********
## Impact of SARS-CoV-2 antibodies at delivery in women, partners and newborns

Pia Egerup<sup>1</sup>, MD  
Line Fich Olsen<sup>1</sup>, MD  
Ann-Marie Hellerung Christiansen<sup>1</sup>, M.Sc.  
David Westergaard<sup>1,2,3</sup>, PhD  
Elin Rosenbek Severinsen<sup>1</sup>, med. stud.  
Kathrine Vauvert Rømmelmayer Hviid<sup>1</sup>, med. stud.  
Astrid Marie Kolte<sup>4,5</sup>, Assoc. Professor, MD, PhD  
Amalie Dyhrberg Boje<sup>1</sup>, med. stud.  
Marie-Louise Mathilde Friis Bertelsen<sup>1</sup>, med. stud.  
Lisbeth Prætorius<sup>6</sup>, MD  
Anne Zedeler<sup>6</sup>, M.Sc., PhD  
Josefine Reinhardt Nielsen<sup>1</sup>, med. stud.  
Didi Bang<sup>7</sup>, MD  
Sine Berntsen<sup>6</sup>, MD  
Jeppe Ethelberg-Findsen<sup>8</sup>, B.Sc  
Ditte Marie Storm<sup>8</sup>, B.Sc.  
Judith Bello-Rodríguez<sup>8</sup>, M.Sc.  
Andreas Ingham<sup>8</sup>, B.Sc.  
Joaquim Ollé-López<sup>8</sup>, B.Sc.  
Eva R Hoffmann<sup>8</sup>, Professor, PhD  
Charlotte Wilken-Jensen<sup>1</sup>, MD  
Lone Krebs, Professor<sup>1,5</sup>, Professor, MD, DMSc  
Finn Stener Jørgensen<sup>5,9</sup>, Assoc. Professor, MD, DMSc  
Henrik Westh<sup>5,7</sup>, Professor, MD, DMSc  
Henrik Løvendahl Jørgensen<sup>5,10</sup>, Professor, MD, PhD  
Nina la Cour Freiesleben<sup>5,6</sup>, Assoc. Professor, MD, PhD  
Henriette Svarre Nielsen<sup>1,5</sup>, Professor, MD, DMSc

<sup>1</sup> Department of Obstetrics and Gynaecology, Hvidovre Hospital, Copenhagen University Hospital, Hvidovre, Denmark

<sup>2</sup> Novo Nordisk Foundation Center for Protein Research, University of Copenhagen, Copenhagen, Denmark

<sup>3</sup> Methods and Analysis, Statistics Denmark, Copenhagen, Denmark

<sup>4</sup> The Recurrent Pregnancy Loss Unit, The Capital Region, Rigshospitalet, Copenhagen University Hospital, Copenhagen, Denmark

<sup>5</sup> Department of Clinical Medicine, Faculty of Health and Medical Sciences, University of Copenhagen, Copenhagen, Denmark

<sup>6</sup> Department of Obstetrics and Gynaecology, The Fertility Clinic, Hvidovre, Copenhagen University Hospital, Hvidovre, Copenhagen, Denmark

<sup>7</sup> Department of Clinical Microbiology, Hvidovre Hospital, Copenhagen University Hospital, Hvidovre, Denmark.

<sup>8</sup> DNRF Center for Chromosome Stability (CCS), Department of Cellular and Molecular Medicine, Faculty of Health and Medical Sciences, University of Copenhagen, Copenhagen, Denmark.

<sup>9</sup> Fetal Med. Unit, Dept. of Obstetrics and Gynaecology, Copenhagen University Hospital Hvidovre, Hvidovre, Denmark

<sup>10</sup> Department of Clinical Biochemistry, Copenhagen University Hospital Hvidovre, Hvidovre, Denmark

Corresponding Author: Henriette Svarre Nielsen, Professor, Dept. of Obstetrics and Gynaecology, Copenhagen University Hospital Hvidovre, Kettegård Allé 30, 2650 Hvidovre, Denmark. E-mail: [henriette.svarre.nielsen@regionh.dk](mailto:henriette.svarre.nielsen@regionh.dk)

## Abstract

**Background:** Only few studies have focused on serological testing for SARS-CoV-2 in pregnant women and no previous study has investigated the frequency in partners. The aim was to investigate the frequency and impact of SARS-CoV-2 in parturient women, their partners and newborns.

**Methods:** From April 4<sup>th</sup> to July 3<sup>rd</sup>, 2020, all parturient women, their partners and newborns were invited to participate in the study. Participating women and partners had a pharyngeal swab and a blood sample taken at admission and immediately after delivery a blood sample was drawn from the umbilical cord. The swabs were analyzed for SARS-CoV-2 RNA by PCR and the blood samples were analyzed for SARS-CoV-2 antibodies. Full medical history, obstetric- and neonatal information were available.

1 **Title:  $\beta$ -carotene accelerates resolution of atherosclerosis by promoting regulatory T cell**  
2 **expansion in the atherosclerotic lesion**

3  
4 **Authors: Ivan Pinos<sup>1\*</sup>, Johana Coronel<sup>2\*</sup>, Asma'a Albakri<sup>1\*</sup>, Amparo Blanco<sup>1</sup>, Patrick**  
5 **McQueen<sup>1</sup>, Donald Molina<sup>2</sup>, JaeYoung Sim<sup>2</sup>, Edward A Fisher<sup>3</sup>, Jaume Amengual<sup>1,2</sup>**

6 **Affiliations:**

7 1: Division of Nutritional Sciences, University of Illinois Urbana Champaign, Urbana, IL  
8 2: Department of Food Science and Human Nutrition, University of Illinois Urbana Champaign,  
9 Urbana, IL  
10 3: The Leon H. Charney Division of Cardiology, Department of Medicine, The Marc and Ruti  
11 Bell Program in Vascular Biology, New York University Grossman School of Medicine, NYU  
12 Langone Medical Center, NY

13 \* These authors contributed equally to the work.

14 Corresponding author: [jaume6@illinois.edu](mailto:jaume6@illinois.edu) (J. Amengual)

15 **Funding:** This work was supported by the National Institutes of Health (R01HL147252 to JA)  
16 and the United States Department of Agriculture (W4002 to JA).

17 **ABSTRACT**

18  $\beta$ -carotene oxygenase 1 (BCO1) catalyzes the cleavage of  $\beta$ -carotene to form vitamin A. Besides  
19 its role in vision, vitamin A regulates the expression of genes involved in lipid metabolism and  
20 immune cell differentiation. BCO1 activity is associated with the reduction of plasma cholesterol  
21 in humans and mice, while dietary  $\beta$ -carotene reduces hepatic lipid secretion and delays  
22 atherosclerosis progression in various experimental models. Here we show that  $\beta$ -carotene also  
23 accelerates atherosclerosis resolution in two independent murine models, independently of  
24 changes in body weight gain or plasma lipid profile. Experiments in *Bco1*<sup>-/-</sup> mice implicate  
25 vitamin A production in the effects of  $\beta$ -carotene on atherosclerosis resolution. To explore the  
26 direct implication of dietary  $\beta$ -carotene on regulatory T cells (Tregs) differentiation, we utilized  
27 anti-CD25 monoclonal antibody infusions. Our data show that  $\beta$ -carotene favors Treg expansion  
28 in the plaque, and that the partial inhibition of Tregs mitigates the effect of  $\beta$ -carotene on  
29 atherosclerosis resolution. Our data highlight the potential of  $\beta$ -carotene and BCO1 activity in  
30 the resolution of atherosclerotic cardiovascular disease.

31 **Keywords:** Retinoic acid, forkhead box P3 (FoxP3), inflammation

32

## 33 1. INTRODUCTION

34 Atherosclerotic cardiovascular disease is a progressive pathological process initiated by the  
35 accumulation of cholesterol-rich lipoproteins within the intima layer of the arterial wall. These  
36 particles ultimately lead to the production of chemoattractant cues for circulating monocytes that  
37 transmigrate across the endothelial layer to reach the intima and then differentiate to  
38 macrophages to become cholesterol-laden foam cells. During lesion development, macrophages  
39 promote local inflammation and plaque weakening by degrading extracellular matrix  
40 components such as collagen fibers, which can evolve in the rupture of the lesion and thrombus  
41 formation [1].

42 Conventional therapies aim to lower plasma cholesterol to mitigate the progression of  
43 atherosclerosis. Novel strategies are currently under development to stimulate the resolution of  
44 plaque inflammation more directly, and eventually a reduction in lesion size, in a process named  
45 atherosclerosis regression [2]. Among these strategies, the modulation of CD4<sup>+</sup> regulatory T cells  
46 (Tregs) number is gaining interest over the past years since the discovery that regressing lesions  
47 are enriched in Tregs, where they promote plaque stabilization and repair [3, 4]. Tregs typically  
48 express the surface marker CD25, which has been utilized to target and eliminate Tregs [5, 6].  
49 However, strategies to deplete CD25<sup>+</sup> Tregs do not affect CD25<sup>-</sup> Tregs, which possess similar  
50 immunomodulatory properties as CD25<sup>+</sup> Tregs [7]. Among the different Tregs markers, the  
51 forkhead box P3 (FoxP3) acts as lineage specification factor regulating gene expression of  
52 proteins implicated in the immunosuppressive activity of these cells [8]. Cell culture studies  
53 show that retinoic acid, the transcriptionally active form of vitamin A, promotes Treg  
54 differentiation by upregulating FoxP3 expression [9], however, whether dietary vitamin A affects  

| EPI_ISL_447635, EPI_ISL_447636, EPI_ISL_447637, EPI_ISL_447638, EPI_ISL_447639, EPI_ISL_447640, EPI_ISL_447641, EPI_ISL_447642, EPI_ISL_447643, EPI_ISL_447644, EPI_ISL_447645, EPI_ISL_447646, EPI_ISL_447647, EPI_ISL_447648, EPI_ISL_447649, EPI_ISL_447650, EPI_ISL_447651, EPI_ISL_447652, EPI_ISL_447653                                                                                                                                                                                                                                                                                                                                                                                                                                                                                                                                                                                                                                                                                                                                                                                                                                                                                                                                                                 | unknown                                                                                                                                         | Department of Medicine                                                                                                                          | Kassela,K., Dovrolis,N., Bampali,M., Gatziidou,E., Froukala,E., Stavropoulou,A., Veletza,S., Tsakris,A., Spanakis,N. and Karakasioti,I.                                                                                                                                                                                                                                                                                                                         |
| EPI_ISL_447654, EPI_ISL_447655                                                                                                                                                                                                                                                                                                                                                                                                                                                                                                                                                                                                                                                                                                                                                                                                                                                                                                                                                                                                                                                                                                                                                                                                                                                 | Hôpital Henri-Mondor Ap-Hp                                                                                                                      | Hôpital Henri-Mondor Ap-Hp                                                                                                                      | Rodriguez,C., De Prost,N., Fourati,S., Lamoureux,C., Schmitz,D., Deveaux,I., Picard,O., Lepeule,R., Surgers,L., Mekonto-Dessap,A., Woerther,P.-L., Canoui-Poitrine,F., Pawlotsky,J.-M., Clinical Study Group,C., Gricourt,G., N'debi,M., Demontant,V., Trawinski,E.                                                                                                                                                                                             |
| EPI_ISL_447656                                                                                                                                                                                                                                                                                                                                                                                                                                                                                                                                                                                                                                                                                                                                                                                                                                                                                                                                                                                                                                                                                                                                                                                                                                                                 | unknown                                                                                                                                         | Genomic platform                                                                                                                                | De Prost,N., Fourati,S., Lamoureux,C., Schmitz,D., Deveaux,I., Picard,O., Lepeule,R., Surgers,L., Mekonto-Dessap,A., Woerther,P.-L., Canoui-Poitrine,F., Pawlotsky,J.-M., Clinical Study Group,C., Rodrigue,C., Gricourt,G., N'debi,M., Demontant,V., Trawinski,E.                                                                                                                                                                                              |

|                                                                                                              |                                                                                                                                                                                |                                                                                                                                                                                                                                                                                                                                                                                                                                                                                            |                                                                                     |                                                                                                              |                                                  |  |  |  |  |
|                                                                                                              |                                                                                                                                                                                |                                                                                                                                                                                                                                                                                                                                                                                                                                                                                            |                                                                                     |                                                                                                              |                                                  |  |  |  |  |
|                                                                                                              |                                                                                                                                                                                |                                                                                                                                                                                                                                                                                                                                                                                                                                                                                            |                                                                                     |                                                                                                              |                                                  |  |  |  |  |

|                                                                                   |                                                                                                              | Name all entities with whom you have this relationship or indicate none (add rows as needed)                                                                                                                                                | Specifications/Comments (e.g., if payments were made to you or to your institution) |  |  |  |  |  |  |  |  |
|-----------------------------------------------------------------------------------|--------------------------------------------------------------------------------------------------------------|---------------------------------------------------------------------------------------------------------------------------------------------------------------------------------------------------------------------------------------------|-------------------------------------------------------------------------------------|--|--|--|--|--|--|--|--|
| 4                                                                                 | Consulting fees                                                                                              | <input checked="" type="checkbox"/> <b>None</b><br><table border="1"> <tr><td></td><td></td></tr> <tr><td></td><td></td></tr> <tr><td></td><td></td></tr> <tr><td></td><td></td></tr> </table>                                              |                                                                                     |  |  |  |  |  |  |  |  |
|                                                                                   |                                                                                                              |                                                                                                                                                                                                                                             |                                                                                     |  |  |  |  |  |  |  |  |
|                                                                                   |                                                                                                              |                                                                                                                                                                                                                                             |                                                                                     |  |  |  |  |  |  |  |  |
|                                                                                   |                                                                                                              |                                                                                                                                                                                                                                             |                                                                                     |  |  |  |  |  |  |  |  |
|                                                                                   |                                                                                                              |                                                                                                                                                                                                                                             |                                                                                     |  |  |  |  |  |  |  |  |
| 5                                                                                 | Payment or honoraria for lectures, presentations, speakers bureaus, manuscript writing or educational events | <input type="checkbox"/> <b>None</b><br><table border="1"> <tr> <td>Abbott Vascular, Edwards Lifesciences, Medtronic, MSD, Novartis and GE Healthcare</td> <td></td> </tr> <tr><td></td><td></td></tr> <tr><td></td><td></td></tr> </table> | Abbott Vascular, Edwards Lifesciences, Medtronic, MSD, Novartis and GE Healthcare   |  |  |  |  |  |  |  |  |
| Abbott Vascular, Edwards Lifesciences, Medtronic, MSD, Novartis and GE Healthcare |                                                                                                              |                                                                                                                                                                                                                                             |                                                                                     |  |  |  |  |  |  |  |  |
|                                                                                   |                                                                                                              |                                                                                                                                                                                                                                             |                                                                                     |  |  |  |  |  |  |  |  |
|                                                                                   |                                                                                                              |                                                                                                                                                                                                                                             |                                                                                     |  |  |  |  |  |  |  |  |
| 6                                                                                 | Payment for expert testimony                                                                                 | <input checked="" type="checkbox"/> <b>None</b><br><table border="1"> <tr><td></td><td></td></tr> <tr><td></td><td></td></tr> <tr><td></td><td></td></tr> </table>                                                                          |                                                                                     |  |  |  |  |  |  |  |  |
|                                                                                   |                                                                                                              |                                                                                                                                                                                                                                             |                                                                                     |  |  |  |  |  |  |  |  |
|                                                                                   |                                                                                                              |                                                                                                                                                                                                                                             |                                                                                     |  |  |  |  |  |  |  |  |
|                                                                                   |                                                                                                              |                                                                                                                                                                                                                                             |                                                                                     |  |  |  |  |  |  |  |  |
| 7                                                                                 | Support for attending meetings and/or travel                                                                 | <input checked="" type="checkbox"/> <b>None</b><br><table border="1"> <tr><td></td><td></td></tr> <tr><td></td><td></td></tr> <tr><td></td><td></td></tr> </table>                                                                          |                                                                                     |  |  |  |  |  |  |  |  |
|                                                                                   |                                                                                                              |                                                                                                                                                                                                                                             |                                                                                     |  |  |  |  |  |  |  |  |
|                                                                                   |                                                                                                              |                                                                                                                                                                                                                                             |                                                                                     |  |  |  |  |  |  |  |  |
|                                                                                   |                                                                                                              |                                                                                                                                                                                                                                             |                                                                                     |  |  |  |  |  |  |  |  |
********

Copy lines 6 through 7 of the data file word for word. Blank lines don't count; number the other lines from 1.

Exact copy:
Elin Rosenbek Severinsen<sup>1</sup>, med. stud.  
Kathrine Vauvert Rømmelmayer Hviid<sup>1</sup>, med. stud.  